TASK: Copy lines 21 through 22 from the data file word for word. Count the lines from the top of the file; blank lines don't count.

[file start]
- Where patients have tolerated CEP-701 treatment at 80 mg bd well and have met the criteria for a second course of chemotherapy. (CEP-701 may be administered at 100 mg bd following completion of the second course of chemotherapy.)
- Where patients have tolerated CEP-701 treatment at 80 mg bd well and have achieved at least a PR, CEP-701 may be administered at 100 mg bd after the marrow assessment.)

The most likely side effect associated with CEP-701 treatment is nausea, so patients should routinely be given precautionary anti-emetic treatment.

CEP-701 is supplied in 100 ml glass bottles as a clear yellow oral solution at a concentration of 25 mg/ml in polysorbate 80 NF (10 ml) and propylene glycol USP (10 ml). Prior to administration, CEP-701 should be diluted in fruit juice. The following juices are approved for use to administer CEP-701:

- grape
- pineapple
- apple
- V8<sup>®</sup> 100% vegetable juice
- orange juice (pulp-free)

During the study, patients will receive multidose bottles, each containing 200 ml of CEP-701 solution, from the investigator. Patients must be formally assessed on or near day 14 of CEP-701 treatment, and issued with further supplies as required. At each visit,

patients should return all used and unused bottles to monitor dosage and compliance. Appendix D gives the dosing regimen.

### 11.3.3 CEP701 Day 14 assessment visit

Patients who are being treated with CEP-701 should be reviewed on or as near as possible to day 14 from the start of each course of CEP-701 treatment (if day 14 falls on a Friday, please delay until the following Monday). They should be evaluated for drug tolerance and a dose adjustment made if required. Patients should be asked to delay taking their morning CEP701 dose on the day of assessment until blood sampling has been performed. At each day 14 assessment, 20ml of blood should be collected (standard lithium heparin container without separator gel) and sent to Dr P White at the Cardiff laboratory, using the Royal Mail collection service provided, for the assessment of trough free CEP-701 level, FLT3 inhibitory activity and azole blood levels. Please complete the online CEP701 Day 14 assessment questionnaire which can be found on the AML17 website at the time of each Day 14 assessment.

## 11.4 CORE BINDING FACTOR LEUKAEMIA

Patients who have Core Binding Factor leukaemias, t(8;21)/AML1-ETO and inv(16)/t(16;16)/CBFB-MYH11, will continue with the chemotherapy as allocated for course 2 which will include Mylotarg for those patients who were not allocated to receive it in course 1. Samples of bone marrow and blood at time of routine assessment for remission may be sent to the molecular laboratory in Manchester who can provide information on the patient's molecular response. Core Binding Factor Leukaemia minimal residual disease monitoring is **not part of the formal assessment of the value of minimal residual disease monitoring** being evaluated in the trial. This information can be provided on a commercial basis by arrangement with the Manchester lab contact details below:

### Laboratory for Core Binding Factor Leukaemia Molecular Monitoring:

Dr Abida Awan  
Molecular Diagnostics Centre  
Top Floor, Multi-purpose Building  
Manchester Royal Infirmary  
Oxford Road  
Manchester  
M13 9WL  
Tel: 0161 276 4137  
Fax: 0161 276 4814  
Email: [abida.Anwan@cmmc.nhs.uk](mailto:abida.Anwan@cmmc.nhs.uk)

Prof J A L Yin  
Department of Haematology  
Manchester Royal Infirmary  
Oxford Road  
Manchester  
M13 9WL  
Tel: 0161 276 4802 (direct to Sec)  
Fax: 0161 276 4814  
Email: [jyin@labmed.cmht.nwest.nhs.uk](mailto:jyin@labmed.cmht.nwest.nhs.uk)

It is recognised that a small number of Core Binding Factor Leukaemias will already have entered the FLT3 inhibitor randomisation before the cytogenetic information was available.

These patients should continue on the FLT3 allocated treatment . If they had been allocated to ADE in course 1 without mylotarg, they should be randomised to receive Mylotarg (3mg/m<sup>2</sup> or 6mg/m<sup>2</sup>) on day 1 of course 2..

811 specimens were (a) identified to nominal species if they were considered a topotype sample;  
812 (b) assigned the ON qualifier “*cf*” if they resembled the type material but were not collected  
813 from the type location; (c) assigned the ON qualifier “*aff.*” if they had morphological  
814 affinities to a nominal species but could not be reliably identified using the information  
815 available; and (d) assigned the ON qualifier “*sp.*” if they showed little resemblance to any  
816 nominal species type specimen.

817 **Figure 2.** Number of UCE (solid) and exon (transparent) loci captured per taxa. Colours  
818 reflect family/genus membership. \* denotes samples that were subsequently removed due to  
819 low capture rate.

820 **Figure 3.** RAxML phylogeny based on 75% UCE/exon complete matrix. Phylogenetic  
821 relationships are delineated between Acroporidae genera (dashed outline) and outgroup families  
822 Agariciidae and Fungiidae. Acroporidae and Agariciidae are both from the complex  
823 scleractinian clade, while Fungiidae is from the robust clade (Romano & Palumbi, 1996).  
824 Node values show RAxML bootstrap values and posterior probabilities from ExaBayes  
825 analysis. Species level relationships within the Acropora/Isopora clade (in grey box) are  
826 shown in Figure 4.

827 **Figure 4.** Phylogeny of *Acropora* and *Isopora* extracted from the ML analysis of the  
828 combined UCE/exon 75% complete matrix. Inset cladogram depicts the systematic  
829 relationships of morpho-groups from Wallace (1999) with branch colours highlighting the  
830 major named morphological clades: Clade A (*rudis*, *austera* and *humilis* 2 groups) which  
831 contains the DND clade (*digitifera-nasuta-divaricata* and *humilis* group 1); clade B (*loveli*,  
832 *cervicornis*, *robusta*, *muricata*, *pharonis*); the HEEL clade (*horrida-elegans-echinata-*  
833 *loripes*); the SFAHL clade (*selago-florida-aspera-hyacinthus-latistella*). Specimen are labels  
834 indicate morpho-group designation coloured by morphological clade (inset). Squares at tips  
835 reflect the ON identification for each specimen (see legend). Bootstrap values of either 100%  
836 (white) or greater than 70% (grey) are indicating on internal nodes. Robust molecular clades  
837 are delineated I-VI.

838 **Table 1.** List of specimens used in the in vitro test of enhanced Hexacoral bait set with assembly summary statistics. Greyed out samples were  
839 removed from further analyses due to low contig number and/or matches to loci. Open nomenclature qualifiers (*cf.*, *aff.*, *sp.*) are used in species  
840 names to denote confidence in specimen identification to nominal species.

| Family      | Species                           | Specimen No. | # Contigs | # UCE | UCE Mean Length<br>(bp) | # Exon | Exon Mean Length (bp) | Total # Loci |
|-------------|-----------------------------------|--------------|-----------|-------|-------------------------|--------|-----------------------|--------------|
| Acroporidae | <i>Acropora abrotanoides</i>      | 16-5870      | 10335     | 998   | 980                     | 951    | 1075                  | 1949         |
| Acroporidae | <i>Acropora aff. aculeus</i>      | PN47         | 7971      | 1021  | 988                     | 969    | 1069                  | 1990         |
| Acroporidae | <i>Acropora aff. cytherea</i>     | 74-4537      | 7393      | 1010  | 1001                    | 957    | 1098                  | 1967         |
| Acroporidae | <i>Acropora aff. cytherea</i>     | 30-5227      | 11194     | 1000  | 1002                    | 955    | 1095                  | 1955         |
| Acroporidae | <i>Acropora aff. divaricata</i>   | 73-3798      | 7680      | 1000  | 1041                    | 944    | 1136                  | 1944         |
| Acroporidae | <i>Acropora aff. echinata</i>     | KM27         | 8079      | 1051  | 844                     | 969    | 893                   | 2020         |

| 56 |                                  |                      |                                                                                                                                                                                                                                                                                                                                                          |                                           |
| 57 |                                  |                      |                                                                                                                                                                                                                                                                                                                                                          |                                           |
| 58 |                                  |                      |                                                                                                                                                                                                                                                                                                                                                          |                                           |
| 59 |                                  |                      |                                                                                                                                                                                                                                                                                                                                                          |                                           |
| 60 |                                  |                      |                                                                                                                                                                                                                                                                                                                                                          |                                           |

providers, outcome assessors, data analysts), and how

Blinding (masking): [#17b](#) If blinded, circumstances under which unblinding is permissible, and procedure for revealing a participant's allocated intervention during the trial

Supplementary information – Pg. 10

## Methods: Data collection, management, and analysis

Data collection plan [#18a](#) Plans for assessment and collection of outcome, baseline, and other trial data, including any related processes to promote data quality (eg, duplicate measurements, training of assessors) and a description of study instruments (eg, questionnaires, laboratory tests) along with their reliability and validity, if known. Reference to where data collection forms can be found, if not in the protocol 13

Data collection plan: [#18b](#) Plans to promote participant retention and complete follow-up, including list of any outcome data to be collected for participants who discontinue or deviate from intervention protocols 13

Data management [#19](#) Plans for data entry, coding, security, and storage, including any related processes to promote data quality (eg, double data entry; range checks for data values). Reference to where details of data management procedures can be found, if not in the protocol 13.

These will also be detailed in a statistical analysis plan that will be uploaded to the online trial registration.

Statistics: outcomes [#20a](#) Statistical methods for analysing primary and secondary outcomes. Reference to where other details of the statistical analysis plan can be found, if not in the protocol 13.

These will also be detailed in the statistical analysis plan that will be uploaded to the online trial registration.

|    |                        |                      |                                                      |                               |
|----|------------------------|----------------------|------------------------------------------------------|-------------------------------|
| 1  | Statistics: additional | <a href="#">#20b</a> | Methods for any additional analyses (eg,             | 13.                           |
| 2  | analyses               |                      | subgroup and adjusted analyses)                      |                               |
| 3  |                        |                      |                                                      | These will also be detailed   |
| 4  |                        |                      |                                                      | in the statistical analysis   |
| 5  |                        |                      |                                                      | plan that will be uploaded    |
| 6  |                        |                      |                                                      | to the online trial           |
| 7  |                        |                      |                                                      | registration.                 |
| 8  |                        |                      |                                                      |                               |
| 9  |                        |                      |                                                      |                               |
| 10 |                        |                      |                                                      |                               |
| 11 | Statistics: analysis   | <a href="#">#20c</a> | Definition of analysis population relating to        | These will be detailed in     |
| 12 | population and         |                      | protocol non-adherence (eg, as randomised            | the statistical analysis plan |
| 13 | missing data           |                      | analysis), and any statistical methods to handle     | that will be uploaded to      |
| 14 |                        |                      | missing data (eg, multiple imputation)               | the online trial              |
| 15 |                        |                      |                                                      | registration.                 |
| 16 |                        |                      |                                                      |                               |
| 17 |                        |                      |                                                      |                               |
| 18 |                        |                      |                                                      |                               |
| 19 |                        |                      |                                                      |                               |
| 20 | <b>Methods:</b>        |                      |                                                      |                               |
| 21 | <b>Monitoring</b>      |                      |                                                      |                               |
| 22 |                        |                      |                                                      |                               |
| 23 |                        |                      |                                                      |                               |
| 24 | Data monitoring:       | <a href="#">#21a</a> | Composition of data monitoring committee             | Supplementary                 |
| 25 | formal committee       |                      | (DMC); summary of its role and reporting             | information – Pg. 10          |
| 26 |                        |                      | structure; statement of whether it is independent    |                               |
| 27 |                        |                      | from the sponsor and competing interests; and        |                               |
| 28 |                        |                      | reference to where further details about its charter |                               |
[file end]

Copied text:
Oxford Road  
Manchester  